Brothers Tim and Pat Herold grew up in the precision sheet metal and assembly industry, watching and then working for the company their father started. When they kicked off Herold Precision Metals in 1997, establishing a culture of respect for individuals and ensuring transparent communication were top priorities.

Like most manufacturers, White Bear Township-based HPM has endured one challenge after another over the last three years. Each time HPM cleared one hurdle, the company faced another. During those trials, HPM’s core values – strive to be better, respect, passion and integrity – guided every action.

When business slowed in the early stages of COVID-19, the company launched a plan to reduce hours but keep pay whole. “We literally laid out a plan for how long our funds would last us to be able to take care of our families,” says Tim Herold, HPM’s president and CEO. “I have always said we have two customers: those who pay the bills and those who make the parts.”

HPM went to a company-wide 32 hour, full-pay work week for its 122 employees in the early stages of the pandemic, before Congress authorized PPP payments for employers. Business picked up again after about 12 weeks, and the company resumed its normal work schedule. Since then, the only attrition the company has had is from retirements.

As the pandemic wore on, Herold knew other companies were facing troubles, so HPM sent out mass emails every couple of weeks to get updates from vendors in the company’s critical supply base. “We wanted to make sure we had a good pulse on who might be struggling and how that might ultimately affect our workload and our customer service,” Herold says. Of HPM’s vendors, 90% have been working with the company since its beginning.

HPM survived that first summer, but starting in September 2020 it faced what would quickly become a heart-stopping 200-300% increase in raw material costs. The company forwarded copies of invoices and purchase-order confirmations from its vendor network to critical customers to try to validate price increases. “Our goal was to be as transparent as possible,” Herold says. “Most customers were very understanding.”

Process improvement

In the midst of these external crises, HPM was implementing major process changes. Greg Schreier, HPM’s general manager, says the manufacturer ran on the intuition of its founders for its first 20 years.

To build on this base and formalize it, HPM contracted with a third party to implement a strategic planning process. Every action taken within the annual strategic plans reflects the company’s culture of transparent communication and emphasizes relationships.

At a series of offsite meetings each fall, the leadership team agrees on revenue and income goals, as well as projects to support these goals. “Normally everybody has eight to 10 projects they want to get done,” Schreier says. “With seven leaders that could be 70 projects. There’s no way all that’s going to get done.”

He uses the planning sessions to pare down the ideas to those that can actually be accomplished. Schreier tracks the implementation of the ideas through software and monthly follow-up meetings.

One of the strategic plan projects called for HPM to bring in Enterprise Minnesota to improve outcomes on the shop floor. An outgrowth of these sessions was to set up 4’x6’ Gemba boards in each department to keep teams on the same page with respect to key objectives. Schreier says all department leads have been trained in how to manage and communicate about the Gemba boards.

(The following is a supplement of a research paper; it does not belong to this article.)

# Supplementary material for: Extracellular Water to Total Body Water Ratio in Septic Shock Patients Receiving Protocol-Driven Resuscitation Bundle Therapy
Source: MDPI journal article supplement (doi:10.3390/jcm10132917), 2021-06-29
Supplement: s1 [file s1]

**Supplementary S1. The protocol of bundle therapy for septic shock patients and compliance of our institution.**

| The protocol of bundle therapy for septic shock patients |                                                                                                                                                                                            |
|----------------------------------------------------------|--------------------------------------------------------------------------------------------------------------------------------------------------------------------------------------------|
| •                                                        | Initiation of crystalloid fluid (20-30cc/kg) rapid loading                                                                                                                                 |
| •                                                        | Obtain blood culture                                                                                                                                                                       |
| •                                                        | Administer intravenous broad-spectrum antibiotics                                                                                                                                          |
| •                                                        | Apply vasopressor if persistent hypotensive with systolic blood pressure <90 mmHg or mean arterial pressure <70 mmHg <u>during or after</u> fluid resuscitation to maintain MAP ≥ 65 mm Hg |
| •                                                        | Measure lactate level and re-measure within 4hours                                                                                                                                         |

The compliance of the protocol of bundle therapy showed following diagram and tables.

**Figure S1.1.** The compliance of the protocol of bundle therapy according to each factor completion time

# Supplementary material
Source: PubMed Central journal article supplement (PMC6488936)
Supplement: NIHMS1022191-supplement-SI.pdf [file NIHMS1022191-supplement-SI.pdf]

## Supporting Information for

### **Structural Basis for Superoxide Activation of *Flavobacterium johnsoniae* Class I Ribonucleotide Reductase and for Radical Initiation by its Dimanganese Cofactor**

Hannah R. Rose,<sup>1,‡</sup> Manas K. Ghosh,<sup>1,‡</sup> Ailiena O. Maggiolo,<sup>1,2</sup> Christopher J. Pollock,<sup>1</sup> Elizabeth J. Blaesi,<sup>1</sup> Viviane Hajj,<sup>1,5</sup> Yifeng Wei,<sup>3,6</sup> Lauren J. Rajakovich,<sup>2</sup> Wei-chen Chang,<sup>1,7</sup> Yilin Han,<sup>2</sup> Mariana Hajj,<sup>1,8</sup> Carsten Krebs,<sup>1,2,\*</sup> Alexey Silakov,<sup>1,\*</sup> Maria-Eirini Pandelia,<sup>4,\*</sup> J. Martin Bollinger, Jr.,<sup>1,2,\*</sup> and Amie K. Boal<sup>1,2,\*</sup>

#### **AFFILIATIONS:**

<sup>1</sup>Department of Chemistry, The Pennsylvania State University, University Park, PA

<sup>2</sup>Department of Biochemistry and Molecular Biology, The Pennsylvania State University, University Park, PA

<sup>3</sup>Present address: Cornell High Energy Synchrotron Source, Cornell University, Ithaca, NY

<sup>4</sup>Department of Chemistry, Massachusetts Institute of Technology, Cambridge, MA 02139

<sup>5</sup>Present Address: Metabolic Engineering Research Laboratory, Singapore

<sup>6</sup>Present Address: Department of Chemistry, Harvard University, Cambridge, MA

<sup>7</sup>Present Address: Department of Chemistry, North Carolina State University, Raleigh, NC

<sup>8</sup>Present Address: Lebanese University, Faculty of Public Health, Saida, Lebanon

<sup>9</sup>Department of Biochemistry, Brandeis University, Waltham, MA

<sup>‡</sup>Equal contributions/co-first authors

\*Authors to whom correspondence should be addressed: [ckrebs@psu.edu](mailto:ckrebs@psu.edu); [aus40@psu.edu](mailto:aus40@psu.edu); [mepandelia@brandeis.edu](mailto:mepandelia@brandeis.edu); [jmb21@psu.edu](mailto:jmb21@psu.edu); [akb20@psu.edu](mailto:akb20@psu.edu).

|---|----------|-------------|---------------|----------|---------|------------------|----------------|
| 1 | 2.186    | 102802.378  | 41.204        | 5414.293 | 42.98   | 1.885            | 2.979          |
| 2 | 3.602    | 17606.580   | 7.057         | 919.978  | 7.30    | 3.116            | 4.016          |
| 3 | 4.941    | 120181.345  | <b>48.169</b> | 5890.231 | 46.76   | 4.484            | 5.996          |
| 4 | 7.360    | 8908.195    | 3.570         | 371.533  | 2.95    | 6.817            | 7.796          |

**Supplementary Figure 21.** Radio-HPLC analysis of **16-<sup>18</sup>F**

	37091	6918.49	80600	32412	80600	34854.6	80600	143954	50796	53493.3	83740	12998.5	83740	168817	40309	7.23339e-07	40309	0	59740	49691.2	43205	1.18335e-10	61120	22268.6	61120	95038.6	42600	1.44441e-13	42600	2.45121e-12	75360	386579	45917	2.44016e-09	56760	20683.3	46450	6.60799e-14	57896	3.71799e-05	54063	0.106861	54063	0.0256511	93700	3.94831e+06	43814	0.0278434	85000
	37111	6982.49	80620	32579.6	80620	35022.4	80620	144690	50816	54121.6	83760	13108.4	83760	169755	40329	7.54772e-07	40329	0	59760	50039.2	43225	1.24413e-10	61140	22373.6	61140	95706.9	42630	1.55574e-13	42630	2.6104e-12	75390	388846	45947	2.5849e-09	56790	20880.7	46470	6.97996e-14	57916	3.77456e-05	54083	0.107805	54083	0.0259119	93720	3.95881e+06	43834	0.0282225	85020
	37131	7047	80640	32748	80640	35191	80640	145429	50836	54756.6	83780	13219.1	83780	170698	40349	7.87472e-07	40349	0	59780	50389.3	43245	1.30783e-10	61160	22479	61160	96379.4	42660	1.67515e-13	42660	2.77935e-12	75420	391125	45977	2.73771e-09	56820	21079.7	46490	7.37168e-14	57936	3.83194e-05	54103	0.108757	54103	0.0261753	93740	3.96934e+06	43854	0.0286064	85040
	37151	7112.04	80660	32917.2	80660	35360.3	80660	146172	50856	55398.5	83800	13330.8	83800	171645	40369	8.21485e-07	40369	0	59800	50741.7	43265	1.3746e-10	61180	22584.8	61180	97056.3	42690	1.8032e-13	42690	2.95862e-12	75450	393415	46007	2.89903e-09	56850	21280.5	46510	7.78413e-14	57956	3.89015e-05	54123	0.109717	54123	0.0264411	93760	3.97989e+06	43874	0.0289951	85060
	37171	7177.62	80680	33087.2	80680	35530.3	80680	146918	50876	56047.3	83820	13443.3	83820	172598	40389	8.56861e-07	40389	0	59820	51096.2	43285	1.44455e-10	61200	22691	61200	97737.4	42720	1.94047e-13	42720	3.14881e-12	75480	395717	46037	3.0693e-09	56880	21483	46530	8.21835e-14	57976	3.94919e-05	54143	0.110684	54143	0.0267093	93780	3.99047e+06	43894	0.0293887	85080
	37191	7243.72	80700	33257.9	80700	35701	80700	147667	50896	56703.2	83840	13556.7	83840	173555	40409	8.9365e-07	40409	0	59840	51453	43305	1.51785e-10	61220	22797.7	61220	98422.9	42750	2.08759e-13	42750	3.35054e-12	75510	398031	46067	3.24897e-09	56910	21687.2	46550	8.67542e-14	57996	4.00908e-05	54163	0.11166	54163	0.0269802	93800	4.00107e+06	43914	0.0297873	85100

“Safety, quality, delivery, and productivity — in that order — are our goals,” Schreier says.

The process enables leads to run their departments as their own business, according to Schreier. “As part of that, every Monday morning the entire leadership team, before our staff meeting, goes around to these Gemba boards and each of the leads reviews the previous week.”

Schreier calls the results “one of the bigger cultural transformations in a workforce that I’ve been involved with. It gives everybody in the building real visibility about the performance of each department, and it also connects leadership very closely to the shop floor, which is one of our closely held cultural virtues here.”

Strategic planning has yielded other wins for the company as well. Last year, HPM added a director of IT to help the company fully utilize its enterprise management software. They hired an experienced programmer who has used that software to revamp the entire operation, from inventories to scheduling, to ensure HPS is as accurate and efficient as possible with its information. “She’s been on board now for about six months, and we’re already starting to see gains from that,” says Schreier.

HPM also continues to prioritize automation, adding tools that “help humans, not eliminate them” Herold says. HPM employees understand the need for automation to make up for a lack of personnel. They also see the value for improved quality and employee wellness.

If employees are working with big parts, near the end of a full shift when they are tired, there’s likely to be what Herold describes as a misgauge; they don’t hold the part the exact same way each time and the cut is different.

Automated systems with AI and self-correction features eliminate that possibility. At the same time, Herold says, “the new automated forming system took a ton of physical labor off the backs of our guys, and we love that.”